Increased restrictions on the movement of humanitarian staff out of gaza
In recent months, citing security concerns, the Israeli authorities, and to a lesser extent Hamas, have tightened restrictions on the movement of Palestinian humanitarian staff out of Gaza. Measures by the Israeli authorities include an increase in the processing time for exit permits, a rise in denials and one-year bans, restrictions on the type of items allowed to be taken out of Gaza, and new crossing procedures at the vehicle terminal. The Hamas authorities have established a new registration point at the entrance to Gaza. These measures have increased uncertainty, delays and logistical impediments, and have a negative impact on humanitarian operations. The UN continues to conduct negotiations with all relevant actors in Israel and Gaza to alleviate these challenges.
Israeli-issued permits have long posed a key challenge for Gaza-based staff of both international NGOs and UN agencies. Over the past 12 months, there has been a dramatic increase in the processing time for permit applications to exit Gaza to Israel and the West Bank from 14 to 55 working days. The processing time for applications for a one-day permit to travel to Jordan via Israel is now 70 working days. Along with this negative trend, the duration of security clearance necessary to access approved permits has been extended from six to nine months.
Percentage of Permits status by Month of travel 2018 Gaza ID holders
During 2018, there has been an unprecedented spike in the number of UN and INGO staff banned from reapplying for a period of one year following rejection of their initial application. Approximately 40 UN national staff received a ban in 2017, but during the first six months of 2018 an additional 70 UN staff and a similar number of INGO staff were banned, effectively preventing these staff from implementing any mission outside of Gaza for a year. Following UN requests to the Israeli authorities, the bans on 15 UN staff members and three INGO personnel were subsequently removed. As the reason for the imposition or lifting of these bans is rarely stated, the process is perceived as arbitrary. At the time of writing, a total of 82 UN staff members and 67 INGO personnel are banned from reapplying for a permit to exit Gaza.
The extended processing times and increased bans generate planning and logistical challenges, including senior national staff being unable to attend donor meetings in East Jerusalem or the rest of the West Bank, and undermining critical fundraising efforts.
Since August 2017, the authorities at the Erez crossing have introduced new restrictions on items that Palestinians, including UN and INGO national staff, are allowed to carry when they exit Gaza through the pedestrian terminal. These include a ban on reinforced luggage (luggage with wheels or a frame), toiletries, and laptops and other electronic equipment, except for mobile phones.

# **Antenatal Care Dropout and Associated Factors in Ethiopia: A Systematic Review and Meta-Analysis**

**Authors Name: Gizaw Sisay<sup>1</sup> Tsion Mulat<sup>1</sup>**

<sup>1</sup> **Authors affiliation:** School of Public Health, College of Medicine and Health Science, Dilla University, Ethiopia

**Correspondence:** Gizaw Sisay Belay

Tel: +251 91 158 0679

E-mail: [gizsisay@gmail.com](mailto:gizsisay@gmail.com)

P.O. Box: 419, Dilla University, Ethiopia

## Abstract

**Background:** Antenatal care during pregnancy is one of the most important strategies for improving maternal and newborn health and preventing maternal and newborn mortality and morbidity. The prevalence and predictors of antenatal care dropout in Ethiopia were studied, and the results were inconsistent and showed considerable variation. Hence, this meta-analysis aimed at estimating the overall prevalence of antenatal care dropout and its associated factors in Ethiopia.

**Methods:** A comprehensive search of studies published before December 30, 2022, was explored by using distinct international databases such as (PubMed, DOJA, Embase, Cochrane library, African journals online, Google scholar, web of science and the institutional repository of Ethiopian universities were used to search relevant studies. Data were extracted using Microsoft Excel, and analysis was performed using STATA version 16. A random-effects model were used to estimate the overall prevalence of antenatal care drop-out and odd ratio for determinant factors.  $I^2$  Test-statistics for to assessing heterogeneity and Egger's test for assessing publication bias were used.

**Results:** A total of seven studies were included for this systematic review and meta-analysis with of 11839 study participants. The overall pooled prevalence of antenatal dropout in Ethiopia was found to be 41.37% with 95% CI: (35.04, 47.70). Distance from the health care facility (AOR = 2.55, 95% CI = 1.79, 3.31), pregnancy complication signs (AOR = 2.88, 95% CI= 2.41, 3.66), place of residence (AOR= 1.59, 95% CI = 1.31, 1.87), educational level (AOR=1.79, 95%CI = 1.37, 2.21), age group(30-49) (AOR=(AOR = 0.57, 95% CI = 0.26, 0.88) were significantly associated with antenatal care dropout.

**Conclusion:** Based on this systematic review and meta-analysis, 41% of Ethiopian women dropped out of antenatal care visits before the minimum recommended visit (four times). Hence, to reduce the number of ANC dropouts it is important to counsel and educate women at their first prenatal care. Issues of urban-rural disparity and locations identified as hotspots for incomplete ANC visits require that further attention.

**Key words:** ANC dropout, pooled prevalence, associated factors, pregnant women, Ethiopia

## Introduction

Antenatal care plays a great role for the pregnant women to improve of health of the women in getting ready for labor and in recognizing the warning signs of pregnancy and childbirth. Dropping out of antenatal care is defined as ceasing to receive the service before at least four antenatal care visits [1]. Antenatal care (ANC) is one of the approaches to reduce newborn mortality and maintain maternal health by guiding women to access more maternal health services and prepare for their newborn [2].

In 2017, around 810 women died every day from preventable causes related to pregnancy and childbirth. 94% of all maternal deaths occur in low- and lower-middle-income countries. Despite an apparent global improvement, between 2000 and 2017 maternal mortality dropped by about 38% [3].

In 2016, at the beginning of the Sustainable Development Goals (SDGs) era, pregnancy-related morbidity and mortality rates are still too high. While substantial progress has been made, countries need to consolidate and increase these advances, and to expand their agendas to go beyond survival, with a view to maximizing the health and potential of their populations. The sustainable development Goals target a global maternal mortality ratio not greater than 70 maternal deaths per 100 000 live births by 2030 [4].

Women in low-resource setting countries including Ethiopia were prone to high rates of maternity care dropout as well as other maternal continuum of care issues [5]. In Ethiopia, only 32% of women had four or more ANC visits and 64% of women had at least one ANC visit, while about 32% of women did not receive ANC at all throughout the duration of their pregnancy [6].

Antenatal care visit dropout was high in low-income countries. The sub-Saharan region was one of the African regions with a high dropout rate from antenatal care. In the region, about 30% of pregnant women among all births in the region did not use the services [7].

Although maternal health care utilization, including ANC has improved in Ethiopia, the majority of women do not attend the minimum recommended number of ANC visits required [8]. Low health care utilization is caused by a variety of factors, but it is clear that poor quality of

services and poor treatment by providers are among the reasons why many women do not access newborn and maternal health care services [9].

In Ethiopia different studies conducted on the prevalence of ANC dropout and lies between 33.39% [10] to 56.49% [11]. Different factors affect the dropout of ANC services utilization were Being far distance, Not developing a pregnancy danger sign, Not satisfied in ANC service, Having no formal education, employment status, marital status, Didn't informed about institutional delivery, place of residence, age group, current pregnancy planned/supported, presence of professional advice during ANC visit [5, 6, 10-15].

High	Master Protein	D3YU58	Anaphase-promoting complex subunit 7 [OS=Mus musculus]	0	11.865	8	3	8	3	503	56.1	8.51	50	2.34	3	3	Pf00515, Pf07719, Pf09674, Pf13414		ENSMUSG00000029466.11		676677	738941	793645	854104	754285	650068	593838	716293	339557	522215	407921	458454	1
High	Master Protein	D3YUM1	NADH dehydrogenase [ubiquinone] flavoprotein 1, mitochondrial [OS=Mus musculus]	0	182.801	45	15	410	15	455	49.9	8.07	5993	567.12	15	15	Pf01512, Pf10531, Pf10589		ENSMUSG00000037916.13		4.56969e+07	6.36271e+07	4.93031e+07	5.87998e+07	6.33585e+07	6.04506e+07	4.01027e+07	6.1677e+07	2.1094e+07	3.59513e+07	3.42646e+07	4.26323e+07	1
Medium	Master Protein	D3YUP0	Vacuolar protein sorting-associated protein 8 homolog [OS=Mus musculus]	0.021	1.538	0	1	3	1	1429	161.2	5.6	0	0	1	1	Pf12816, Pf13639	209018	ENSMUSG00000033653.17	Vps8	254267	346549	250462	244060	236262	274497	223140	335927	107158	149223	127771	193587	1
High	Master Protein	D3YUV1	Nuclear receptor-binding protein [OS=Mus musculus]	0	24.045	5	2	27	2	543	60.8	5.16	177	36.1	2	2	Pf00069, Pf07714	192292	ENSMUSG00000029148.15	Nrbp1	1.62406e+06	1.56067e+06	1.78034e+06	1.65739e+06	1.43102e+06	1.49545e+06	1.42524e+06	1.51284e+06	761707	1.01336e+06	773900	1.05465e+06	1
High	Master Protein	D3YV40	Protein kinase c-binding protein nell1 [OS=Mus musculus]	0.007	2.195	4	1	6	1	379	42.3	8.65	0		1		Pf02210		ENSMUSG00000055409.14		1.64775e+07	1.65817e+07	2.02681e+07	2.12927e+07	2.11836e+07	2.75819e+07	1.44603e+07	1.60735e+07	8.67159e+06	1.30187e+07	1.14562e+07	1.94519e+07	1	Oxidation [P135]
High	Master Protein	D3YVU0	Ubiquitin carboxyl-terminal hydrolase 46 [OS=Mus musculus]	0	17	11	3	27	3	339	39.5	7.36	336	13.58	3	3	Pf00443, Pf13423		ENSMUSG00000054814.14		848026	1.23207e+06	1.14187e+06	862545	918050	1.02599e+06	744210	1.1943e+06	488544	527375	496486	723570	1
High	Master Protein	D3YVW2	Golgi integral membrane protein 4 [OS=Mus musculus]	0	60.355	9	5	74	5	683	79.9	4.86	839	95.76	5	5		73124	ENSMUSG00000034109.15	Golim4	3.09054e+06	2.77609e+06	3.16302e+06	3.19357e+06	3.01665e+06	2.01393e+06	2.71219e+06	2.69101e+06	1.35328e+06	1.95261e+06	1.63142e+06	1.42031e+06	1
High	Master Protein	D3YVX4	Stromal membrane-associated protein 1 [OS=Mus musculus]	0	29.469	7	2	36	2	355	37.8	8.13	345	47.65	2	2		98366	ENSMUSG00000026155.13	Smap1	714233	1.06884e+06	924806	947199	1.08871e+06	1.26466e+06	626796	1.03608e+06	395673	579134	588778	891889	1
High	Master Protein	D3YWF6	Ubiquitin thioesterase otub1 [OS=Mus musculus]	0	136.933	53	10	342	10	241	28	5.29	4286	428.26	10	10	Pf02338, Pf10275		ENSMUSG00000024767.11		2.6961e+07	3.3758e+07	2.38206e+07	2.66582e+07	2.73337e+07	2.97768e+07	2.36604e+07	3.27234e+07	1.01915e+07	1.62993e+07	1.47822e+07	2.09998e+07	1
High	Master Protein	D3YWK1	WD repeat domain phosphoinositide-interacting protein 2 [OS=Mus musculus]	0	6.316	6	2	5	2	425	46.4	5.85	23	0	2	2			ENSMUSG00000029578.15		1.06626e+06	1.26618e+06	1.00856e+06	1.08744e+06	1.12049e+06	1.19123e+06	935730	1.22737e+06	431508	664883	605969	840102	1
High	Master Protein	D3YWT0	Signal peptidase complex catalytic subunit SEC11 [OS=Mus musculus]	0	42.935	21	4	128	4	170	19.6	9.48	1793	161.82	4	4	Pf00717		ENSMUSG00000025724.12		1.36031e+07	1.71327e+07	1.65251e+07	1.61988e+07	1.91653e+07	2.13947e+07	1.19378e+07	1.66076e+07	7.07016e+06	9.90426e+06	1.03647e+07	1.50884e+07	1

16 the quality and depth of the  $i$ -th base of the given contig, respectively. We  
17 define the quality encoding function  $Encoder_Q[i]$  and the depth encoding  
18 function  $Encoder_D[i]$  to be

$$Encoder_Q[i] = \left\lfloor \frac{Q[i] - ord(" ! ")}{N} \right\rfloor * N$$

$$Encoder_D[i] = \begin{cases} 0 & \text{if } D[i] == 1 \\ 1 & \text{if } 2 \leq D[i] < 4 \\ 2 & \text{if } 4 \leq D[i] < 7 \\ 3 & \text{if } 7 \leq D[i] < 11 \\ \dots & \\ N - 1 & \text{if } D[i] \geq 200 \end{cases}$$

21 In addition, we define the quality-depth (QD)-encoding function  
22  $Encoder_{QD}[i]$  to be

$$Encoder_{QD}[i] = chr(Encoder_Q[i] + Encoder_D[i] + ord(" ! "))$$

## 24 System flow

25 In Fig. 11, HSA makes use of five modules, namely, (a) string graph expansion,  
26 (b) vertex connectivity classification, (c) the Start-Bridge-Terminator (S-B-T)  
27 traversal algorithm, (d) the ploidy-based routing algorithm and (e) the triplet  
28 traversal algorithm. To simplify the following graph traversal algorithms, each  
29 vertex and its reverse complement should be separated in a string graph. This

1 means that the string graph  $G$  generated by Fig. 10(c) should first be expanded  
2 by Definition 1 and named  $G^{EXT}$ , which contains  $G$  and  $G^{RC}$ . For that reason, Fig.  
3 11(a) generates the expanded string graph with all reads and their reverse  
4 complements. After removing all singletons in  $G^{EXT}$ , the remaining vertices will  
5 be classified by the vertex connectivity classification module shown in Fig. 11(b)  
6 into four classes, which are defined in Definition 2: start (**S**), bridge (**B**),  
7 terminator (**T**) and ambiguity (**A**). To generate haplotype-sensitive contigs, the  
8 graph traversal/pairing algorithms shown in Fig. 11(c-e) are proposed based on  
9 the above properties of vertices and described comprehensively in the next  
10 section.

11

The restrictions on laptops and electronic devices are especially problematic and create logistical challenges, particularly for senior staff engaged in finance, IT and programme monitoring activities in Gaza as they have to find alternative equipment to work with once they arrive at their destination.
New vehicle crossing procedures
New security measures introduced at the end of March 2018 by the Israeli authorities at the vehicle terminal of Erez crossing have increased delays and waiting times. These include searches of UN and diplomatic vehicles by opening all the doors for sniffer dog inspections; the removal, scanning and search of UN property; and the introduction of a body x-ray scanner.
These measures deviate from a protocol agreed upon in 2016 and are largely incompatible with the 1946 Convention on the Privileges & Immunities of the United Nations, to which Israel is a party without reservation.
Following recent negotiations, the Israeli authorities allowed properly marked UN pouches to leave Gaza without being removed from the UN vehicles or being subject to x-ray or search. The UN is continuing to conduct negotiations regarding the remaining problematic procedures.
Hamas registration point
Until November 2017 Hamas maintained a checkpoint on the road leading to the Erez crossing (known as Arba-arba) where individuals were stopped and checked when entering or departing Gaza. Following a Fatah-Hamas reconciliation agreement, management of this checkpoint was transferred to the Palestinian Authority to allow for easier movement in and out of Gaza.
In recent months, Hamas has returned to the area and established a new checkpoint south of Arba-arba, gradually reinstating the procedures and restrictions implemented prior to November 2017. Hamas currently requires staff from international organizations to register prior to and upon entry to Gaza, imposes restrictions on the use of INGO vehicles and sporadically questions staff. These challenges are compounded by lack of clarity on the requirements and procedures, which generates uncertainty.